Kids Need an Hour of Exercise a Day
CDC-Backed Panel Issues New Recommendation for Kids to Stay Healthy
WebMD News Archive
June 13, 2005 -- Kids need at least an hour a day of physical activity to
ensure good health, according to the findings of a CDC-backed expert panel.
As childhood obesity climbs to record levels and school-based physical
education programs seem increasingly endangered, panel members say they hope
the recommendations will serve as a wake-up call to parents, doctors, public
health officials, and school administrators.
Panel co-chairman William B. Strong, MD, tells WebMD that children are far
more likely to get no exercise over the course of a day than a full 60
"Obesity is a significant problem in the young as well as the old,"
he says. "If we don't do something to get children moving we are going to
have a phenomenal epidemic of obesity-related diseases 20 to 30 years from
5 Minutes a Day
Strong says his own research suggests that 8- to 11-year-olds get an average
of about five minutes of moderate to vigorous physical activity a day. And a
government-funded study recently showed that children typically get less than
25 minutes of exercise a week in school-based physical education programs.
The panel was convened because there was no consensus on the amount of
physical activity children actually need.
"We know that adults need 30 minutes (of moderate to vigorous exercise)
a day for cardiovascular fitness, 60 minutes for weight management, and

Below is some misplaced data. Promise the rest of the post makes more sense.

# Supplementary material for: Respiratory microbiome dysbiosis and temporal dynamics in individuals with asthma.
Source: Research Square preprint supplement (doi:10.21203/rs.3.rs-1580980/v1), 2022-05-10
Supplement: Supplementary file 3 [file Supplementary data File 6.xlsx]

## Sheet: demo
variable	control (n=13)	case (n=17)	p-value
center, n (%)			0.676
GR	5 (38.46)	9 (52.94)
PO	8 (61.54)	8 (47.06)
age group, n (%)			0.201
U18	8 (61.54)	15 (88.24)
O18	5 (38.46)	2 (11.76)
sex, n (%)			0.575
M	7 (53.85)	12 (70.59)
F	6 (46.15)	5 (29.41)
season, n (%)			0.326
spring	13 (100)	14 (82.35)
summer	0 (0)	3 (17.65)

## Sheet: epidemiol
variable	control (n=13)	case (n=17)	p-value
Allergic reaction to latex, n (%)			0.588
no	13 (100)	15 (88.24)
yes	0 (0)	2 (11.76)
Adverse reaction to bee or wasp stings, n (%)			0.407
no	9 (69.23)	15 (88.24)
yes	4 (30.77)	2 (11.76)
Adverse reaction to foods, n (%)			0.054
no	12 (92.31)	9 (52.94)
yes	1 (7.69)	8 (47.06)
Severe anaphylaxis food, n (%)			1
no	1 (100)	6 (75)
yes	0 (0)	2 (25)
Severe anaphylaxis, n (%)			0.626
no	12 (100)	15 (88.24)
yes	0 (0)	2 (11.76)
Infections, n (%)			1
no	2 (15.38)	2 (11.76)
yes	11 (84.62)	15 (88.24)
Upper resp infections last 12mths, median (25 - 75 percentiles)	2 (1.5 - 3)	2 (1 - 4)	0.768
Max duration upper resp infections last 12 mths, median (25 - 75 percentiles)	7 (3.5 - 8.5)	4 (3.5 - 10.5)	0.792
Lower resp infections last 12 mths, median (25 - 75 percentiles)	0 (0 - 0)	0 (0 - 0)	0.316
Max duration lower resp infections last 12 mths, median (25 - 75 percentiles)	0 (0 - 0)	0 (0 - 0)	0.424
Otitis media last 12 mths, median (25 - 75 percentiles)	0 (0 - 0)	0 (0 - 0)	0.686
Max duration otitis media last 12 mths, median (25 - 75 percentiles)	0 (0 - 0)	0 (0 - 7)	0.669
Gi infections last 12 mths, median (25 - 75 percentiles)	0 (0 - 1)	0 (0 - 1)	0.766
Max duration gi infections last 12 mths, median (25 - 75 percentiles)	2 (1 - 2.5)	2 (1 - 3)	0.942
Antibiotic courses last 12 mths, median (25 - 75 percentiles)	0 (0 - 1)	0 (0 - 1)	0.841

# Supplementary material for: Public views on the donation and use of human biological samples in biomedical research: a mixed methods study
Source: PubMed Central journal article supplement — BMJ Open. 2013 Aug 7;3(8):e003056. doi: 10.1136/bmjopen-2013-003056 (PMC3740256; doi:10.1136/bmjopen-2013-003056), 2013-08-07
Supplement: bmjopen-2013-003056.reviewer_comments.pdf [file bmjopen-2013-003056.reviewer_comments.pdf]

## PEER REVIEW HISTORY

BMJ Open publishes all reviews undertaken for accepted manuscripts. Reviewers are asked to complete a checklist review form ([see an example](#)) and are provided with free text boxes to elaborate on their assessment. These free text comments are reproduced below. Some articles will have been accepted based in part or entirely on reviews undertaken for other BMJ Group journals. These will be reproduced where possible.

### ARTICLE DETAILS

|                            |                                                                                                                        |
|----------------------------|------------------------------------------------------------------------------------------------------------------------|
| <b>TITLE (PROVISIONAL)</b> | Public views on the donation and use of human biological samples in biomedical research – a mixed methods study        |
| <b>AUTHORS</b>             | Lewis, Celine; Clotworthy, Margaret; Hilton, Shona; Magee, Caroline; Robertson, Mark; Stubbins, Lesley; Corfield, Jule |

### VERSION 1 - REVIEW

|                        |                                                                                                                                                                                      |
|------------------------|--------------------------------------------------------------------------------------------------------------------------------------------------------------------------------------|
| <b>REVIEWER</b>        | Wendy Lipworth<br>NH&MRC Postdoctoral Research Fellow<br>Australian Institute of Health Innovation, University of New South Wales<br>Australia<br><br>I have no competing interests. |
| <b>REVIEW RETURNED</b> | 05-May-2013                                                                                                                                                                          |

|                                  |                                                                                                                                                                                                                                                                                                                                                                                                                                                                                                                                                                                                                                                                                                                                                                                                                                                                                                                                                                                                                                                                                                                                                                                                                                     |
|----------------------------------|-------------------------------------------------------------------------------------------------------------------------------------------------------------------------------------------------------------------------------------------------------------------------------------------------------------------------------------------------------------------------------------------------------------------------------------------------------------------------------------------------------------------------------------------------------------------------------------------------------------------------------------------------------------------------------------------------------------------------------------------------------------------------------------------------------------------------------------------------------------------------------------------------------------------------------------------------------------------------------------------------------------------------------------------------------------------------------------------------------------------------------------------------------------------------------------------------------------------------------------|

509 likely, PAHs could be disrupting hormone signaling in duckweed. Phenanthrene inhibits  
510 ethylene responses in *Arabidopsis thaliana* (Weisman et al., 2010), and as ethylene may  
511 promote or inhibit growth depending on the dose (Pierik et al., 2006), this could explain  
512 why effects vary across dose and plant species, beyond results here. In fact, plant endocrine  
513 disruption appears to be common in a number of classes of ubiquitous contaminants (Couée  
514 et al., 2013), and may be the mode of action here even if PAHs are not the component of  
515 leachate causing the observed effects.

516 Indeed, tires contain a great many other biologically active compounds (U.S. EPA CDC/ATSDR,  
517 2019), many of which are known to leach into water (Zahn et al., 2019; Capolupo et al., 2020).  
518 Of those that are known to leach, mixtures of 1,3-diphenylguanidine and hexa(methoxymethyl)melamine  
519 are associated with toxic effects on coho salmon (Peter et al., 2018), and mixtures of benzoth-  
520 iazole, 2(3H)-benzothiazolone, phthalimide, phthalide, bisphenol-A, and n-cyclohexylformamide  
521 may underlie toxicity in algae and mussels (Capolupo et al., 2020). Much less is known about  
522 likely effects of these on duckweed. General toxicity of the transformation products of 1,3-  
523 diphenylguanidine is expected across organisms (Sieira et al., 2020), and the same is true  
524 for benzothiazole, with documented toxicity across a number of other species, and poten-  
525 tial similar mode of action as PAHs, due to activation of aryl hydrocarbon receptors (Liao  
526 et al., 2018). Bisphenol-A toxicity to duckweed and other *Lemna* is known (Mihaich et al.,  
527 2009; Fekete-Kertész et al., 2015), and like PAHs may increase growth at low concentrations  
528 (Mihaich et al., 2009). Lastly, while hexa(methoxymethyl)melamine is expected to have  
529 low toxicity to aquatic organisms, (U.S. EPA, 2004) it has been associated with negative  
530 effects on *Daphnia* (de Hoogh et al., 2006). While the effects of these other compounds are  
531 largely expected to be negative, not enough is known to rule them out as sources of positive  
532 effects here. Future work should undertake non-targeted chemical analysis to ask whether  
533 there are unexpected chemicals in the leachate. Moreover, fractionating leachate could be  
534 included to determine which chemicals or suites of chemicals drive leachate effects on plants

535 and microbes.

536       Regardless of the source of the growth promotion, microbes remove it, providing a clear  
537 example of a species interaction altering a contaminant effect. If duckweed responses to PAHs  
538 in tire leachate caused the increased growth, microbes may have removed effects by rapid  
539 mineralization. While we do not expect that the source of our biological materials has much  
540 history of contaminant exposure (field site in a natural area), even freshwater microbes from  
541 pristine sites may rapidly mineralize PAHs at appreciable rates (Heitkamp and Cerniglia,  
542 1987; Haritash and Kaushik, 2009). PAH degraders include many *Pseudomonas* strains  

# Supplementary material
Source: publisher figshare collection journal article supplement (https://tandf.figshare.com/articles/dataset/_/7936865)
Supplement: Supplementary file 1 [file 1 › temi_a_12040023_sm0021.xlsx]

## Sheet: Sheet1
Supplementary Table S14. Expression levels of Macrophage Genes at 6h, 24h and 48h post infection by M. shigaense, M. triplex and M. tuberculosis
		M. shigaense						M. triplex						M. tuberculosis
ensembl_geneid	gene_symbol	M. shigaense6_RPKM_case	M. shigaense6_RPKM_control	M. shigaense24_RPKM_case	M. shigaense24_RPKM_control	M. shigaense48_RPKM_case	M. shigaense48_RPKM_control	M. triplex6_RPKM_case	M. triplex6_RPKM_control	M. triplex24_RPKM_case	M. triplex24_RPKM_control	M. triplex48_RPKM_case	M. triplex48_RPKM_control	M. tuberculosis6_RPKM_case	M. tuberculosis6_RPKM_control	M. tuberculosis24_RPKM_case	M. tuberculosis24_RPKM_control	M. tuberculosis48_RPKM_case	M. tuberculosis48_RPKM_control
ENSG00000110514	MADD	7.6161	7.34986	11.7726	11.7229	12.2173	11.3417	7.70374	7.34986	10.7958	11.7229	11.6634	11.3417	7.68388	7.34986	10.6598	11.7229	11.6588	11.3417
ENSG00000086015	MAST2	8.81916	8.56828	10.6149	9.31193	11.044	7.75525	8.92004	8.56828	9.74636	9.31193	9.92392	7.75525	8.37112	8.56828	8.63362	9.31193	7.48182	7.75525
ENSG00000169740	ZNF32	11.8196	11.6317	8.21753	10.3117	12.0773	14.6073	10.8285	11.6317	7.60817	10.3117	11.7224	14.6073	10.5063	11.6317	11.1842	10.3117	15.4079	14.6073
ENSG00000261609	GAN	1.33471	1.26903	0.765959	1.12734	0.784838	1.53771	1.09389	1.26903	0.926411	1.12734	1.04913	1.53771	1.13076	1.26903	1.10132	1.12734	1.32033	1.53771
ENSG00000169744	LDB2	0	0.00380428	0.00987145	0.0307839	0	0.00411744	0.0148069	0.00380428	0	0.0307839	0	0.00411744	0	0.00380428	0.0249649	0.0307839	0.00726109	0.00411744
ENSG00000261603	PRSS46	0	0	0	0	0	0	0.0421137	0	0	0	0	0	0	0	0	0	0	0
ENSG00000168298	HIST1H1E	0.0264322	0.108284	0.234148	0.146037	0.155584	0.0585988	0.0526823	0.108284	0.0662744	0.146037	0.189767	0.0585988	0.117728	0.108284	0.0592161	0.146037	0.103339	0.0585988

probably more than that for weight loss" says panel member Stephen R.
Daniels, MD, PhD. "But we don't know as much about the needs of
The 13-member independent panel reviewed published studies and abstracts
assessing the impact of physical activity on a wide range of health issues in
The review was funded by the CDC's nutrition and physical activity and
adolescent and school health divisions. The findings are published in the June
issue of the Journal of Pediatrics.
Daniels says the review highlighted the need for good research on exercise
and health in children. The CDC's William Dietz, MD, PhD, made the same point
in an editorial accompanying the study.
Dietz wrote that "the gap in knowledge identified by the review provides
the basis for research for years to come."
"No studies have yet prospectively defined the amount of physical
activity necessary to prevent excessive weight gain in children or
adolescents," he added.
PE Under Siege
All the experts contacted by WebMD agreed that the lack of opportunity for
exercise during the school day is a big part of the problem. With the
increasing emphasis on raising test scores, physical education classes are
disappearing from the nation's middle and high schools and many elementary
schools have done away with recess.
"Especially at the elementary level, kids need to get out and run
around," panel co-chairman Robert M. Malina, PhD, tells WebMD. "It is
abnormal for a youngster to sit all day with no opportunity to use up all that